Taking Care of Business: Raise your game with 'virtuoso' leadership

Issue September/October 2016 By John O. Cunningham

Law firms of all sizes need strong organizational leadership and management to thrive, but law schools don't provide this education, so most practitioners learn these skills on the job.

Fortunately, there is an abundance of published instruction on the subject of leadership, including a great book co-authored by Andy Boynton, the dean of Boston College's Carroll School of Management, and Bill Fischer, former president and dean of an international business school. The book is entitled: "Virtuoso Teams: Lessons from Teams that Changed the World."

These authors delved into the leadership and inner workings of super-successful teams from various disciplines, including:

  • The Thomas Edison innovation team;
  • The Manhattan Project team;
  • The NASA lunar team; and
  • The Miles Davis ensembles.

The authors discovered that virtuoso leaders set goals and communicate differently from ordinary leaders in several ways:

Virtuoso leaders are hungry for new ideas and the next big thing. Ordinary leaders focus on "real work," paying no attention to untested game-changing ideas.

Virtuoso leaders envision what a project can be, incorporating the brain-power of others to achieve loftier goals. Ordinary leaders accept projects as given, focusing on pedestrian goals only.

Virtuoso leaders create an environment where people are passionate about learning. Ordinary leaders shun the "distraction" of ethereal ideas that are not proven.

Virtuoso leaders take a passionate interest in the work of others, playing a central role in motivating teams to go beyond their limits. Ordinary leaders focus only on their own ideas and traditional limits, showing little interest in changes proposed by others.

Virtuoso leaders encourage debate within their teams in order to seek constant improvement. Ordinary leaders insist on superficial harmony and will sacrifice disruptive ideas to preserve "order."

So how can law firms adopt the principles of virtuoso leadership, which have generally been substantiated in other business studies? Here are some examples:

A number of firms around the country have abandoned "we know what we need to know" attitudes about client service, engaging the services of hospitality industry experts, asking them to teach both lawyers and staff to do the little things that deliver uniquely pleasing personal service, raising client satisfaction and loyalty.

A large labor law firm has worked with clients to develop a CaseSmart system, providing them with a management dashboard to track all their labor and employment actions in real time, while enabling managers to identify particular locales affected by repeated workplace complaints. The system also generates reports that compare case performance by hours, results and other metrics.

A one-time regional firm, before it took off on an international growth tear, sent its team leaders to Wharton Business School so they could learn from leaders in other industries how to inspire and motivate people to give their best to clients and the firm.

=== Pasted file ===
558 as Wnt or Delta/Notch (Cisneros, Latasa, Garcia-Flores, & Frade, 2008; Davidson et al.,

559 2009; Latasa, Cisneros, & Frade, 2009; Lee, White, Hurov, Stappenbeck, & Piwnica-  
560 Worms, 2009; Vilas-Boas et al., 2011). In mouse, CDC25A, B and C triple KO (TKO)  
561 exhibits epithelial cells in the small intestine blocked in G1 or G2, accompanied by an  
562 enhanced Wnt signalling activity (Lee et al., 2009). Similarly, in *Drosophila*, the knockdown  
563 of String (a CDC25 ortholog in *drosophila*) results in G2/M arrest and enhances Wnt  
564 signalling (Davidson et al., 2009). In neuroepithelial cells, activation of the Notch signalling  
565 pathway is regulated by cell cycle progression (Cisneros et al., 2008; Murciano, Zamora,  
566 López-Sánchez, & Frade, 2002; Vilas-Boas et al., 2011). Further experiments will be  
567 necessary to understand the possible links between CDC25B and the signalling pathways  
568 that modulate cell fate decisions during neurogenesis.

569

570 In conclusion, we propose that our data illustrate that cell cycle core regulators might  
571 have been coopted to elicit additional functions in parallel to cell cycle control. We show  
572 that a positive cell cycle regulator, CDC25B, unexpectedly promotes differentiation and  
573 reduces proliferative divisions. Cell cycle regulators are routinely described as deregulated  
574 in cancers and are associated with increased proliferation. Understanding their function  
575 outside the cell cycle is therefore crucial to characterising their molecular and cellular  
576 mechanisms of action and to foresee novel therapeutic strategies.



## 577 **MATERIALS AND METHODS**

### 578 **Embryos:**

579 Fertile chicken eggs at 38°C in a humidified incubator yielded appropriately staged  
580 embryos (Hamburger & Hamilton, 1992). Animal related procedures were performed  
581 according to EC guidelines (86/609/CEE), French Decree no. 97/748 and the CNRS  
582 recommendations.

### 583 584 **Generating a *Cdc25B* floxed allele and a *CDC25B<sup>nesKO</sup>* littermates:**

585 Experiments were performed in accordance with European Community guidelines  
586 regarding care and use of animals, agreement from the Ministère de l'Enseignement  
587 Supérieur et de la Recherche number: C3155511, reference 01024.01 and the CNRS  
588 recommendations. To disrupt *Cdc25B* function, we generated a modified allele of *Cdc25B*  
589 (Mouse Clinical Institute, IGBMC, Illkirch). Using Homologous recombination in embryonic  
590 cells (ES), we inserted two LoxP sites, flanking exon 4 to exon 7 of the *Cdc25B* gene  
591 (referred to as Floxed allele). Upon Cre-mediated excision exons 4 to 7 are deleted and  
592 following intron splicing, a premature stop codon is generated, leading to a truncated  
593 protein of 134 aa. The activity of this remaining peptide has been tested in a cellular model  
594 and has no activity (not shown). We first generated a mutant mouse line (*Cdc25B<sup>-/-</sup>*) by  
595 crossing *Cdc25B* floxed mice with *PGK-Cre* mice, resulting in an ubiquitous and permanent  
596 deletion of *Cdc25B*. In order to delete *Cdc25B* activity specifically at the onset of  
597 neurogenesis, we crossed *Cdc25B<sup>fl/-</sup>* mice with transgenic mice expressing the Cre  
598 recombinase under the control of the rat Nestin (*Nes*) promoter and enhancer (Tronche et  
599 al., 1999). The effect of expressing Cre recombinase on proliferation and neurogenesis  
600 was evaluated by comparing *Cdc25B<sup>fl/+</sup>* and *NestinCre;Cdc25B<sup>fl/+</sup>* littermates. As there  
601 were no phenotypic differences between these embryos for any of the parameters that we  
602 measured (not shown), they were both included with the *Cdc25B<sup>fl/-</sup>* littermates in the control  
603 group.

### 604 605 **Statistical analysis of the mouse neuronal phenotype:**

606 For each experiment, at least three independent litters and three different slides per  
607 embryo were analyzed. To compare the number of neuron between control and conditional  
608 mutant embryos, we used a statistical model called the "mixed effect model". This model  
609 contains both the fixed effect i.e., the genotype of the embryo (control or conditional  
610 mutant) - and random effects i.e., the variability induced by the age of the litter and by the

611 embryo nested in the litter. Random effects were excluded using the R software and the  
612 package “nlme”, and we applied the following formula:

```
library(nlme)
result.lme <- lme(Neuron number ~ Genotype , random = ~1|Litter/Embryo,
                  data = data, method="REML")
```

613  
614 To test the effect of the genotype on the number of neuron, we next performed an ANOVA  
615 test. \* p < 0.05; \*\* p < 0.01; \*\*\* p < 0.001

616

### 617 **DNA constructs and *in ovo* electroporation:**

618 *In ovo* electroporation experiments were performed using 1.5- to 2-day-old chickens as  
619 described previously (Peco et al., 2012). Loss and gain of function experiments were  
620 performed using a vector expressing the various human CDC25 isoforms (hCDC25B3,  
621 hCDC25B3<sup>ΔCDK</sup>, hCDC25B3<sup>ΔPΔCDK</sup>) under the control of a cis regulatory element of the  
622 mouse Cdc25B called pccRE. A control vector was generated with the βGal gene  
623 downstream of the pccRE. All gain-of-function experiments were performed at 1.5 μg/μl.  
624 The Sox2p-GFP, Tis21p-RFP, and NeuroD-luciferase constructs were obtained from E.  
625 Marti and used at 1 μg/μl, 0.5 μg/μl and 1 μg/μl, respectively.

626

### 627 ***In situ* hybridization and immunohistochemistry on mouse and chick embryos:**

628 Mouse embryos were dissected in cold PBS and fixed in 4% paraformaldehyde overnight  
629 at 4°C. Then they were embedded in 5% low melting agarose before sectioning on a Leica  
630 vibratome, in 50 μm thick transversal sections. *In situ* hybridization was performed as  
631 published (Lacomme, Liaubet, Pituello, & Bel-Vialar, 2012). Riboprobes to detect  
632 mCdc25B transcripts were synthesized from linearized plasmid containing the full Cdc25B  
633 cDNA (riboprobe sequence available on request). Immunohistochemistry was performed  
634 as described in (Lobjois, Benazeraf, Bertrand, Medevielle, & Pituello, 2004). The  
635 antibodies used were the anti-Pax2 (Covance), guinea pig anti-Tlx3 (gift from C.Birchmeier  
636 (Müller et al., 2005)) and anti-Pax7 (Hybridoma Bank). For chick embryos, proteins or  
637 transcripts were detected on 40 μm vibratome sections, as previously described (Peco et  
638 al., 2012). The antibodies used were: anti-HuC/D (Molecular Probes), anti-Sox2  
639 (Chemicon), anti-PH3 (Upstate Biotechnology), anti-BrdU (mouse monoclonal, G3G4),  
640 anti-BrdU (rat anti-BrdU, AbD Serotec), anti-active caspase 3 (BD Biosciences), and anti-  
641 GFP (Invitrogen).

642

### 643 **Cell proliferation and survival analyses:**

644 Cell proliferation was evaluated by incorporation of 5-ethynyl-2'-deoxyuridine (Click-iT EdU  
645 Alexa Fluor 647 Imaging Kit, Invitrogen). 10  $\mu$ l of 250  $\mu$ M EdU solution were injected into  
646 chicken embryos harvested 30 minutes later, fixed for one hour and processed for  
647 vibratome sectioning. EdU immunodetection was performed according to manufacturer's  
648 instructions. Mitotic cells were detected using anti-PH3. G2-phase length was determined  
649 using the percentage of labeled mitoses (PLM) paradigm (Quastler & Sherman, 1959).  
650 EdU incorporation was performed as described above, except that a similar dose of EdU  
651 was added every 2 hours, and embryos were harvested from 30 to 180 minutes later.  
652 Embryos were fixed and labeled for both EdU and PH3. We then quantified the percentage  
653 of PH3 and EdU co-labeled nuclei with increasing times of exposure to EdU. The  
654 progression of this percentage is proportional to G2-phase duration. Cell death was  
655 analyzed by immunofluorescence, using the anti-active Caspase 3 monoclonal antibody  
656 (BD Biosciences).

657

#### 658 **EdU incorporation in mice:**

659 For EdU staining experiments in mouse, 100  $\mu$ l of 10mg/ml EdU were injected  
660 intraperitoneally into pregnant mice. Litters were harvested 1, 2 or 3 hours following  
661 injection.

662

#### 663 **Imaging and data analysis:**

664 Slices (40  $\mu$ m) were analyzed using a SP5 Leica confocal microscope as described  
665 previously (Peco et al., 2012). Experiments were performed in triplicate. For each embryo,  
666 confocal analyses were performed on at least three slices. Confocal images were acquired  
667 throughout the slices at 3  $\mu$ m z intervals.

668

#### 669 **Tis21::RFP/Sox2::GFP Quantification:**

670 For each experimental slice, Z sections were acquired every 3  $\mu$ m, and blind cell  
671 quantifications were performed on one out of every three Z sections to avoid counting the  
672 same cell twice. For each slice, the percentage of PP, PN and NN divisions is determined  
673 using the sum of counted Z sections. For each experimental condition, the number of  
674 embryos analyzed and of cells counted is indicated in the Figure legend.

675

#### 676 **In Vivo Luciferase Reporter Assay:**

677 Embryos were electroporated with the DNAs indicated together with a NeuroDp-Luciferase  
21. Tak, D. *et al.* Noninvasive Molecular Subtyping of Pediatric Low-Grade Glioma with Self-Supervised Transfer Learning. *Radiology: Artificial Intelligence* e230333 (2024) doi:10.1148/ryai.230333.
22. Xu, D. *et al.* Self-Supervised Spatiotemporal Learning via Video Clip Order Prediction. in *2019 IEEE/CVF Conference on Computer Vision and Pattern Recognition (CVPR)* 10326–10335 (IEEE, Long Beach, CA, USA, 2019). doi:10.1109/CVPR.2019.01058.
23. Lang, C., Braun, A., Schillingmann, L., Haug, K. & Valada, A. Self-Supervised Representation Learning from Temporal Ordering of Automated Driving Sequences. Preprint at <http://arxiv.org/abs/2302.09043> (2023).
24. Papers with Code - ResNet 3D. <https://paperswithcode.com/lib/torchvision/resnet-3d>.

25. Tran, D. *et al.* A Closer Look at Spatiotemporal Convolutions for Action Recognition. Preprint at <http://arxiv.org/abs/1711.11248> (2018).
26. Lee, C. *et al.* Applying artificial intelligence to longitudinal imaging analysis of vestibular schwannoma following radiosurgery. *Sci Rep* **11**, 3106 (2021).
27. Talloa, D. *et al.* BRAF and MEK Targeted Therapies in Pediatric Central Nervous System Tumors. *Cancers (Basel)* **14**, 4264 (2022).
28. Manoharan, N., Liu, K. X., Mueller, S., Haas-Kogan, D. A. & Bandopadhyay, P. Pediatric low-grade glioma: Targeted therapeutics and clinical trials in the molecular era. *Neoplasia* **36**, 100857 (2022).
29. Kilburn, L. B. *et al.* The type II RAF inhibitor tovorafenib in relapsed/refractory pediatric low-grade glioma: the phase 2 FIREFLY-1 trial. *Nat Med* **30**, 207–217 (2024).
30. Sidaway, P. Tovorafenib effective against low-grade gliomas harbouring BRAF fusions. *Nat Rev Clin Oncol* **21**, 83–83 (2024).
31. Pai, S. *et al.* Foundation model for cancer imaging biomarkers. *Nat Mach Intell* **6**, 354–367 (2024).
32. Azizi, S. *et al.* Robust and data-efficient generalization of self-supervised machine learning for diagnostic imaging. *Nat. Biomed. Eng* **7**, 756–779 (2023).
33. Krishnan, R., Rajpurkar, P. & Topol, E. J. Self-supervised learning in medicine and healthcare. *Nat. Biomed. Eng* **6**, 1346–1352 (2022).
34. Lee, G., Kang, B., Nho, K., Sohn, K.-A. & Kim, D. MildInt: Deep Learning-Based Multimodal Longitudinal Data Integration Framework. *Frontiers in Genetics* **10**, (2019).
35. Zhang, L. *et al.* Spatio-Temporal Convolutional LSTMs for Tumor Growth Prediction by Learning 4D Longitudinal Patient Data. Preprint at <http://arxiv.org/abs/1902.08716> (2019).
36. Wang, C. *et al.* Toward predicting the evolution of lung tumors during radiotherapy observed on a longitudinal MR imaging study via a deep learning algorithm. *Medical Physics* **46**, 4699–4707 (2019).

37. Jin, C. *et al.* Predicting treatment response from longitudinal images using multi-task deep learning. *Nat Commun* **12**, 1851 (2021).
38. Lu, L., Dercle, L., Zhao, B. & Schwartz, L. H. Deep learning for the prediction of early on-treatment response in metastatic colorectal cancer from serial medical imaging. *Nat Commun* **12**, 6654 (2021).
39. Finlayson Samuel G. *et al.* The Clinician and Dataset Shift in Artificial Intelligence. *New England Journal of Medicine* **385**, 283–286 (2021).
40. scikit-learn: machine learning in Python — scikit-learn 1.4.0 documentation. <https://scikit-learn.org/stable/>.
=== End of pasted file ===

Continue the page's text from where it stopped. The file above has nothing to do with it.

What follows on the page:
As general counsel for a large retailer, I challenged my own legal team to get involved with and learn from other departments, seeking ways to save money. One paralegal discovered a multi-site landlord overbilling the company, based on review of our lease agreements and accounting records, resulting in a recovery of more than $500,000.

A once small trial boutique that grew into national prominence was founded on a culture that reportedly encourages healthy debate on trial strategies and tactics, especially encouraging young lawyers to take on larger roles at earlier stages in their careers rather than climbing a hierarchy.

These examples show how virtuoso leaders develop the culture, vision and energy of their teams, inspiring them to stretch for ambitious goals. These leaders know they are energy conduits, and they know how to get the best out of their teams by empowering everyone to participate.

Now more than ever, law firms need virtuoso leadership for the bright talent they have within their walls. Clients are increasingly concerned with legal service costs, and they have a growing abundance of non-traditional solutions to their legal problems. They can and do seek out alternative dispute resolution, online searches for legal answers, online providers of legal forms and other non-traditional assistance.

Even among AmLaw 200 law firms, a shrinking number are still enjoying steady profit per partner increases, and for many, those increases are driven by higher billing rates. Roughly 25 percent of large firms have recently experienced decreasing or flat profits on a per partner basis and more are losing revenue.

The message should be clear by now - clients are searching for both results and value. Firms must get the best possible performances and innovations from their people in order to meet demand. Firms that can do so will survive and firms that can't will be in trouble.

John O. Cunningham is a writer, consultant and public speaker. As a lawyer, he served as general counsel to a publicly traded company and to a privately-held subsidiary of a Fortune 100 company. For more information about his work in legal service, marketing, communications, and management, check out his website and blog at: